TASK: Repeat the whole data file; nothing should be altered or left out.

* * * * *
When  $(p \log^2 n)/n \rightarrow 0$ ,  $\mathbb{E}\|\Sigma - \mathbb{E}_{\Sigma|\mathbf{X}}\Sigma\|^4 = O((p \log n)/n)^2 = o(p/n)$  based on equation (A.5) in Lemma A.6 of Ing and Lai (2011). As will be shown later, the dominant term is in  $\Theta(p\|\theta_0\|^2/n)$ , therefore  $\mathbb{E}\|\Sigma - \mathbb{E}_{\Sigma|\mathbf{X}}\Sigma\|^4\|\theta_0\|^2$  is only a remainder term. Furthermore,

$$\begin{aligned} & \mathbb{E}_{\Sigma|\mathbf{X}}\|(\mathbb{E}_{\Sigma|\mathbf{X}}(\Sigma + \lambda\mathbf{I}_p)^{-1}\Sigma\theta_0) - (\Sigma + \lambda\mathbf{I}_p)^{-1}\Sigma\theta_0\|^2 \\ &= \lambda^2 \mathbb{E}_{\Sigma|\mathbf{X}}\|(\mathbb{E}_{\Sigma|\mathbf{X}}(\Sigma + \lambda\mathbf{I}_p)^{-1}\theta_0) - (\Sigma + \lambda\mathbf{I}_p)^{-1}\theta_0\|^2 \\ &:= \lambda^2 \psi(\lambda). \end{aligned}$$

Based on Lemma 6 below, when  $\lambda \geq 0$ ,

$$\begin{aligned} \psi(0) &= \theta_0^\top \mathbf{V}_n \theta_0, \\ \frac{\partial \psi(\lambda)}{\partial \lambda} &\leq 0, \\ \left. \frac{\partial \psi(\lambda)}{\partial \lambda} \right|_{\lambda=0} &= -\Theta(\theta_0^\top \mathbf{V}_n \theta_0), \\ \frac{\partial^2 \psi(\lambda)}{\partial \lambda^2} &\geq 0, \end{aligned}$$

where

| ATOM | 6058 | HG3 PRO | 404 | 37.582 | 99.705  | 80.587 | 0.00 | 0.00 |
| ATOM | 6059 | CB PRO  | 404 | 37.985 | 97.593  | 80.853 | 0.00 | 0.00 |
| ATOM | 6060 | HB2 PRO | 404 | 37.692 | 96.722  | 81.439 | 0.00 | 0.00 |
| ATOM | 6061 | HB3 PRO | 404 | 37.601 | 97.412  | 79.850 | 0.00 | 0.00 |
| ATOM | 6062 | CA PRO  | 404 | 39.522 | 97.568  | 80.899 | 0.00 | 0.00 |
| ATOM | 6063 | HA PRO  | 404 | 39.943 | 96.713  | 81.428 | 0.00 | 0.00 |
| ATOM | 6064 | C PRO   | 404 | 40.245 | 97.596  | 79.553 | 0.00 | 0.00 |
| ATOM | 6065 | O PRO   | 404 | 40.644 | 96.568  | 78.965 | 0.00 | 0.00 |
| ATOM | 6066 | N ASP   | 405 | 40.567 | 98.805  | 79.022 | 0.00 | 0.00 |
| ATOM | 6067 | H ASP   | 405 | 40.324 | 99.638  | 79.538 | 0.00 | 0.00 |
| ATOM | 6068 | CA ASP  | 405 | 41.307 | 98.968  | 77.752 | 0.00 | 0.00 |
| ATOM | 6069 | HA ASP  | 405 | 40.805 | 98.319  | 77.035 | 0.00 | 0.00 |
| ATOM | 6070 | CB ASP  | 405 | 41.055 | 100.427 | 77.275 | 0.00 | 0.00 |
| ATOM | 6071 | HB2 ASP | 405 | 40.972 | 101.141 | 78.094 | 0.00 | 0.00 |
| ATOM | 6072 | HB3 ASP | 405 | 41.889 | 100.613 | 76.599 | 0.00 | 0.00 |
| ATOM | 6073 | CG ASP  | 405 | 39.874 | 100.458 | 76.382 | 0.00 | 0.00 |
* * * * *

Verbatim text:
When  $(p \log^2 n)/n \rightarrow 0$ ,  $\mathbb{E}\|\Sigma - \mathbb{E}_{\Sigma|\mathbf{X}}\Sigma\|^4 = O((p \log n)/n)^2 = o(p/n)$  based on equation (A.5) in Lemma A.6 of Ing and Lai (2011). As will be shown later, the dominant term is in  $\Theta(p\|\theta_0\|^2/n)$ , therefore  $\mathbb{E}\|\Sigma - \mathbb{E}_{\Sigma|\mathbf{X}}\Sigma\|^4\|\theta_0\|^2$  is only a remainder term. Furthermore,

$$\begin{aligned} & \mathbb{E}_{\Sigma|\mathbf{X}}\|(\mathbb{E}_{\Sigma|\mathbf{X}}(\Sigma + \lambda\mathbf{I}_p)^{-1}\Sigma\theta_0) - (\Sigma + \lambda\mathbf{I}_p)^{-1}\Sigma\theta_0\|^2 \\ &= \lambda^2 \mathbb{E}_{\Sigma|\mathbf{X}}\|(\mathbb{E}_{\Sigma|\mathbf{X}}(\Sigma + \lambda\mathbf{I}_p)^{-1}\theta_0) - (\Sigma + \lambda\mathbf{I}_p)^{-1}\theta_0\|^2 \\ &:= \lambda^2 \psi(\lambda). \end{aligned}$$

Based on Lemma 6 below, when  $\lambda \geq 0$ ,

$$\begin{aligned} \psi(0) &= \theta_0^\top \mathbf{V}_n \theta_0, \\ \frac{\partial \psi(\lambda)}{\partial \lambda} &\leq 0, \\ \left. \frac{\partial \psi(\lambda)}{\partial \lambda} \right|_{\lambda=0} &= -\Theta(\theta_0^\top \mathbf{V}_n \theta_0), \\ \frac{\partial^2 \psi(\lambda)}{\partial \lambda^2} &\geq 0, \end{aligned}$$

where

| ATOM | 6058 | HG3 PRO | 404 | 37.582 | 99.705  | 80.587 | 0.00 | 0.00 |
| ATOM | 6059 | CB PRO  | 404 | 37.985 | 97.593  | 80.853 | 0.00 | 0.00 |
| ATOM | 6060 | HB2 PRO | 404 | 37.692 | 96.722  | 81.439 | 0.00 | 0.00 |
| ATOM | 6061 | HB3 PRO | 404 | 37.601 | 97.412  | 79.850 | 0.00 | 0.00 |
| ATOM | 6062 | CA PRO  | 404 | 39.522 | 97.568  | 80.899 | 0.00 | 0.00 |
| ATOM | 6063 | HA PRO  | 404 | 39.943 | 96.713  | 81.428 | 0.00 | 0.00 |
| ATOM | 6064 | C PRO   | 404 | 40.245 | 97.596  | 79.553 | 0.00 | 0.00 |
| ATOM | 6065 | O PRO   | 404 | 40.644 | 96.568  | 78.965 | 0.00 | 0.00 |
| ATOM | 6066 | N ASP   | 405 | 40.567 | 98.805  | 79.022 | 0.00 | 0.00 |
| ATOM | 6067 | H ASP   | 405 | 40.324 | 99.638  | 79.538 | 0.00 | 0.00 |
| ATOM | 6068 | CA ASP  | 405 | 41.307 | 98.968  | 77.752 | 0.00 | 0.00 |
| ATOM | 6069 | HA ASP  | 405 | 40.805 | 98.319  | 77.035 | 0.00 | 0.00 |
| ATOM | 6070 | CB ASP  | 405 | 41.055 | 100.427 | 77.275 | 0.00 | 0.00 |
| ATOM | 6071 | HB2 ASP | 405 | 40.972 | 101.141 | 78.094 | 0.00 | 0.00 |
| ATOM | 6072 | HB3 ASP | 405 | 41.889 | 100.613 | 76.599 | 0.00 | 0.00 |
| ATOM | 6073 | CG ASP  | 405 | 39.874 | 100.458 | 76.382 | 0.00 | 0.00 |